Hot on the heels of a billionaire who didn’t understand his settlement comes the widow of a fantastically wealthy real estate developer who also didn’t understand her fee agreement or her settlement:
A 40 percent contingency fee negotiated by a Manhattan law firm retained by the widow of a real estate developer involved in a multimillion-dollar estate dispute was not “unconscionable on its face,” an appeals court ruled yesterday.
The court said that “at first blush,” the 40 percent fee — worth about $42 million — that was claimed by the law firm, Graubard Miller, from Alice Lawrence, the 83-year-old widow of the real estate developer Sylvan Lawrence, “might arguably seem excessive and invite skepticism.”
But a majority of the five-member panel of the court, the Appellate Division of State Supreme Court in Manhattan, ruled that whether the fee was reasonable should be determined at a trial, based on a further exploration of the discussions that led to the fee agreement and the difficulty of the case.
Like I said before, plenty of lawyers take advantage of their clients. But who could Ms. Lawrence — who is certainly surrounded by dozens of advisers — not recognize the consequences of a 40% contingent fee agreement and then the subsequent settlement?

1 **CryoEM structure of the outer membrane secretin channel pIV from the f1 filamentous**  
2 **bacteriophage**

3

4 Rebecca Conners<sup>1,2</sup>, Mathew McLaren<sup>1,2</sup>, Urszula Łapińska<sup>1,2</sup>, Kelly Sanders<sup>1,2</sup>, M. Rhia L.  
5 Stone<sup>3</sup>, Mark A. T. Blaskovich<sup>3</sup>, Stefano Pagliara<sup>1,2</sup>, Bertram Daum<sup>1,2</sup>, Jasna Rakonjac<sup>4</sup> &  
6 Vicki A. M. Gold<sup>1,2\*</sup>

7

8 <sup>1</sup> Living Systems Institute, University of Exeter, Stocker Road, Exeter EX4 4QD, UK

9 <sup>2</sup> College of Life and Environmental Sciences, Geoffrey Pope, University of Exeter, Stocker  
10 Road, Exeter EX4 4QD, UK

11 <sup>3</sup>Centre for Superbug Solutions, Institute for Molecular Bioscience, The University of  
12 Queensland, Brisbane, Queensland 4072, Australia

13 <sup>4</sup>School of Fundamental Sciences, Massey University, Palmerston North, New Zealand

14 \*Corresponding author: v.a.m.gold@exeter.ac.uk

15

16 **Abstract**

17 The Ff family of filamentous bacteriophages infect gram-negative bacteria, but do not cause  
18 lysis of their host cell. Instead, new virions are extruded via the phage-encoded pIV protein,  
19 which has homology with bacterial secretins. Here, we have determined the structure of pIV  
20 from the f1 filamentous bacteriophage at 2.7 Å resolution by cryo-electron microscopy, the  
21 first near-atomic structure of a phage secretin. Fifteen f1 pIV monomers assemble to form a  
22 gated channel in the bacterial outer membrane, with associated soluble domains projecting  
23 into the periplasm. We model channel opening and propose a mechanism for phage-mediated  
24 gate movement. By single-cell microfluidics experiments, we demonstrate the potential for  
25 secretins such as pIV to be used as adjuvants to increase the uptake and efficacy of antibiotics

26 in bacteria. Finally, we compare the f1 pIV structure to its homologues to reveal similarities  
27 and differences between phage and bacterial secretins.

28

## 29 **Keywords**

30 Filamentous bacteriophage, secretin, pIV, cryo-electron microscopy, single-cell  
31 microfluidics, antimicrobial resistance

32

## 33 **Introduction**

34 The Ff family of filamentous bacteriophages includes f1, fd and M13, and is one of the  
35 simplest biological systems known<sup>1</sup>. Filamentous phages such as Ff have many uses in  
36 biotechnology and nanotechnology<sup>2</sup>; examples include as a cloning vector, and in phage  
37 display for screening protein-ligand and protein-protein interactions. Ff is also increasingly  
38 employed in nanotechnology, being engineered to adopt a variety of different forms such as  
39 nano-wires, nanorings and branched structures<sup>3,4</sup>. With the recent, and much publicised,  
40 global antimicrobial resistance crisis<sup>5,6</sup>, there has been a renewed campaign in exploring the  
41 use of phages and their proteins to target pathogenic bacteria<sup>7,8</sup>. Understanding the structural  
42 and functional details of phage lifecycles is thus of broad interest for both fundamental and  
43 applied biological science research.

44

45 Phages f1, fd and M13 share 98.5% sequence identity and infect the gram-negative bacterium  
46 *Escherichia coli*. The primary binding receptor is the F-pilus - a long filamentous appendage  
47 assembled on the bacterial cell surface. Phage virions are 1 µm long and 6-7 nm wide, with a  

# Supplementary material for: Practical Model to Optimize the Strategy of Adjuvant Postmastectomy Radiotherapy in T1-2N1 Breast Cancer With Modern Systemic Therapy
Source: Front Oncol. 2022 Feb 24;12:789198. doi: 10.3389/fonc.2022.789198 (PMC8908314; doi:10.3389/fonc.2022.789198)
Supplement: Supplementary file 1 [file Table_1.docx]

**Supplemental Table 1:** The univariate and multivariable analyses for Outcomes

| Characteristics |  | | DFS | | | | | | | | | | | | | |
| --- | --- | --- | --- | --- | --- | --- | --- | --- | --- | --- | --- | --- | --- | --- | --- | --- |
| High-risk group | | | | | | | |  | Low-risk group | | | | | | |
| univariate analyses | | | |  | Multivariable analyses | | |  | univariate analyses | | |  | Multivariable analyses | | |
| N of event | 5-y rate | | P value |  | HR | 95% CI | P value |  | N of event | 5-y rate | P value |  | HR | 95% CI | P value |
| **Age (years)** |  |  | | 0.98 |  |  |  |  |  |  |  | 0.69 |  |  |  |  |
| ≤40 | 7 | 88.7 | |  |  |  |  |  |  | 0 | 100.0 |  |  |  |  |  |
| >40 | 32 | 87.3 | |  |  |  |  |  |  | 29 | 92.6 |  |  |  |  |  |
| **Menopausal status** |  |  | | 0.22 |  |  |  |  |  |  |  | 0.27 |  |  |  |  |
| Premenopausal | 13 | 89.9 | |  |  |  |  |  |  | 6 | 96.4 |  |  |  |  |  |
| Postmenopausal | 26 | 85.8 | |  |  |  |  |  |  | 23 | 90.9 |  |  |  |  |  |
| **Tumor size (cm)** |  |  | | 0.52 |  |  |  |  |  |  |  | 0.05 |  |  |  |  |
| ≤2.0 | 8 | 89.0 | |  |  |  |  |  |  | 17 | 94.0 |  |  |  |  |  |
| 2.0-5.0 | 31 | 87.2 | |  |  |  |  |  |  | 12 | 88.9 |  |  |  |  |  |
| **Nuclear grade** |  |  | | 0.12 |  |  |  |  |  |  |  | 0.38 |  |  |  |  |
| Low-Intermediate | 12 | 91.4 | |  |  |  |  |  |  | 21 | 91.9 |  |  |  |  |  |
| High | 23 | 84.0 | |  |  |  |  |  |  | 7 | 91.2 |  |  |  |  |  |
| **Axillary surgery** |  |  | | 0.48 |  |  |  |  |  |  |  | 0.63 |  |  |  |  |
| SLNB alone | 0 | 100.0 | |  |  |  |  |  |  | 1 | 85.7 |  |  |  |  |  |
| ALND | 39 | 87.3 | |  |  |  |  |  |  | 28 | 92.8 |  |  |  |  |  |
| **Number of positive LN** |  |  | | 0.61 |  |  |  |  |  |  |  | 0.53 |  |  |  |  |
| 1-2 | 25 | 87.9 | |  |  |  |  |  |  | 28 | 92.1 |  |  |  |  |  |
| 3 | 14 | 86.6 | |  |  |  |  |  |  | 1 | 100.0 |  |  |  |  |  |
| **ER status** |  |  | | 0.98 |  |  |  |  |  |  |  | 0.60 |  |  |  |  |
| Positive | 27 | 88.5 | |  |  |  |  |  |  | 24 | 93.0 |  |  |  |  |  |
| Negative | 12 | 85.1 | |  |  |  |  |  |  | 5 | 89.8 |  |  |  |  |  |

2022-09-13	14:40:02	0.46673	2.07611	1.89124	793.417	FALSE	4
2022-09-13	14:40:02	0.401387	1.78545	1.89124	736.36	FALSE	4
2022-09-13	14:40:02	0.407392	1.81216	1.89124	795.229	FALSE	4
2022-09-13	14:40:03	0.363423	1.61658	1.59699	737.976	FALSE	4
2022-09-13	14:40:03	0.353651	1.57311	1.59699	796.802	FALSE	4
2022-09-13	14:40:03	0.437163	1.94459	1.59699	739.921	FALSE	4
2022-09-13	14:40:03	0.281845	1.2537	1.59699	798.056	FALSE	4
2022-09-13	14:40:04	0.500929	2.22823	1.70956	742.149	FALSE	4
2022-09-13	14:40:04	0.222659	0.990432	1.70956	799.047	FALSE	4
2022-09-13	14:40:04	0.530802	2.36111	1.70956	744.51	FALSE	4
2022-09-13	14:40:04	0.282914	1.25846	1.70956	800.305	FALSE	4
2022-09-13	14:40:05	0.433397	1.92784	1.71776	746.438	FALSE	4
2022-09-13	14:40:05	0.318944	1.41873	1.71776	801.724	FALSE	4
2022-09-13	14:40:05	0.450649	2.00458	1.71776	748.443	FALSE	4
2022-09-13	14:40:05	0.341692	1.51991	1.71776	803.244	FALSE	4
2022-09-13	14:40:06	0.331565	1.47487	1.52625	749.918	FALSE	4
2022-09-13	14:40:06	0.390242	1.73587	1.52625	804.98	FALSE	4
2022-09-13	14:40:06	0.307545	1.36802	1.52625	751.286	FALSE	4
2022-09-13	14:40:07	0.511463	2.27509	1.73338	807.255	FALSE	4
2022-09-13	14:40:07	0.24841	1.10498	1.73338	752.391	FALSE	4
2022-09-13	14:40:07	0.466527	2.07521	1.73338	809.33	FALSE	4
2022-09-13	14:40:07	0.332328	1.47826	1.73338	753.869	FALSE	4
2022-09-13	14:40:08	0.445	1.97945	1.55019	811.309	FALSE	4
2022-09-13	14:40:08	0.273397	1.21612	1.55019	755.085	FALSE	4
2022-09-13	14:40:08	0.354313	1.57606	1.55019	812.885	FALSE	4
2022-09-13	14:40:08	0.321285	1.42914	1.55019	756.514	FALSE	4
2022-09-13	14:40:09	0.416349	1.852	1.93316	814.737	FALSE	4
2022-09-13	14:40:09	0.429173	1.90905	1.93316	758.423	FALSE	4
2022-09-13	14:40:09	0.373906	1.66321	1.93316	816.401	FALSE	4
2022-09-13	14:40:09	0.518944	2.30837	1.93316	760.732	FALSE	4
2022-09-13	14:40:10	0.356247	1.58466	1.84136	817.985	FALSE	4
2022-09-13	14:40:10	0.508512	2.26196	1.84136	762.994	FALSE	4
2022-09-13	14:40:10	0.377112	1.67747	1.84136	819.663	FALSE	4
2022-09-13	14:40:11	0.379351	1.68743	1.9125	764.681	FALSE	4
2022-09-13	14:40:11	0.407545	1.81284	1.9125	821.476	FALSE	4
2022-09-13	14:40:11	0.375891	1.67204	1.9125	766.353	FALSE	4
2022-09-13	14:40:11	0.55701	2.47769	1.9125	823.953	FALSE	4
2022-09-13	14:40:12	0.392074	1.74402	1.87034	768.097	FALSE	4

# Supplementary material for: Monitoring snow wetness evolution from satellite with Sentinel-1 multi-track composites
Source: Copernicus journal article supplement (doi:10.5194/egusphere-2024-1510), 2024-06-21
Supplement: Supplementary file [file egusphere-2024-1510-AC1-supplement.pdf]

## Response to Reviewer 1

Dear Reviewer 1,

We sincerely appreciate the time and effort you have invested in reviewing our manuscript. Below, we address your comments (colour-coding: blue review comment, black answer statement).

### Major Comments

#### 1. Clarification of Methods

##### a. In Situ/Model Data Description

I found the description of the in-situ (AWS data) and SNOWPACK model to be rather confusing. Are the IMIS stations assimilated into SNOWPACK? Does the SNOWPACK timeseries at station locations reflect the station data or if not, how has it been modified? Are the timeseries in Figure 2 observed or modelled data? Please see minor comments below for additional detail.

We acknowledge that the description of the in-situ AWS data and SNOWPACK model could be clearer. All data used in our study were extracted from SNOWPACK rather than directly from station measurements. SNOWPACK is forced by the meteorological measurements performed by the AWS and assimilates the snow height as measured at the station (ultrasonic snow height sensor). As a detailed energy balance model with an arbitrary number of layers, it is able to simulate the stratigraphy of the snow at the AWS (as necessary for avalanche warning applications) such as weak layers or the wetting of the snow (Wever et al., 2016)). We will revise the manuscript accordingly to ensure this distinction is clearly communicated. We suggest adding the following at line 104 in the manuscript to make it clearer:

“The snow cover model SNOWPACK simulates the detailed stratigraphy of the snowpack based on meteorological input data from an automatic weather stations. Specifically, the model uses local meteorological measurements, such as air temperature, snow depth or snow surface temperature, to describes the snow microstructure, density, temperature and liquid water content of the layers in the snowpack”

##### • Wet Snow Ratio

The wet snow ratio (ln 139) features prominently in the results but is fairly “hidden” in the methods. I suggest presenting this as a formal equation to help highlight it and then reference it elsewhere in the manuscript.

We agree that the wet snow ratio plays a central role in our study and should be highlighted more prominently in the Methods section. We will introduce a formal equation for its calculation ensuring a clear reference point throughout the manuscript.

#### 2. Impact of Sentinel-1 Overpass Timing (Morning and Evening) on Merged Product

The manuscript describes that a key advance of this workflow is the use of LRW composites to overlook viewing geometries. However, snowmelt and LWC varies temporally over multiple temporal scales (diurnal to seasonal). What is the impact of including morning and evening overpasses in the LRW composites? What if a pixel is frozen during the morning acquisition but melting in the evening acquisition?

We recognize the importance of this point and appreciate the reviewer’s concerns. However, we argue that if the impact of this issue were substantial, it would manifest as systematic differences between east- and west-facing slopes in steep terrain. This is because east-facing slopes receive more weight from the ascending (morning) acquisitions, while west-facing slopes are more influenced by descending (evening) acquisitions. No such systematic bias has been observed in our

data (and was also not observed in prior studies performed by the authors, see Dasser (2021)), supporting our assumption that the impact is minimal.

Let’s look at how “reasonable” the fee is:
In a dissent, one justice, James M. Catterson, called the fee “exorbitant.” He said that the retainer agreement was signed when a $60 million settlement offer was already on the table.
The estate was settled just five months later for more than $100 million, the judge said, meaning that the law firm’s fee was almost equal to the additional amount it won.
Read that carefully. Apparently, due to the firm’s involvement, Ms. Lawrence will now receive the full amount of the original settlement offer, as opposed to $60 million minus a third or 40% or whatever her original agreement was. Is that unreasonable?
Back to the point: Ms. Lawrence obviously had the funds available to hire a large corporate firm on an hourly (or flat fee) basis, and to pay all costs of the litigation herself upfront. In so doing, she would have borne all the risk of spending enormous sums of money without a guaranteed return. Instead, she contracted with a firm to bear all of that risk; within five months, it had achieved a result with which she was content.
Maybe there’s some mischief not identified by these stories; maybe she’s mentally impaired and the firm took advantage of her. That would be a different story. As it looks now, an extraordinarily wealthy and well-advised businesswoman decided to give up a chunk of her recovery in order to avoid the risk of no (or little) recovery, and now wants more because it turned out the case wasn’t as risky as she thought.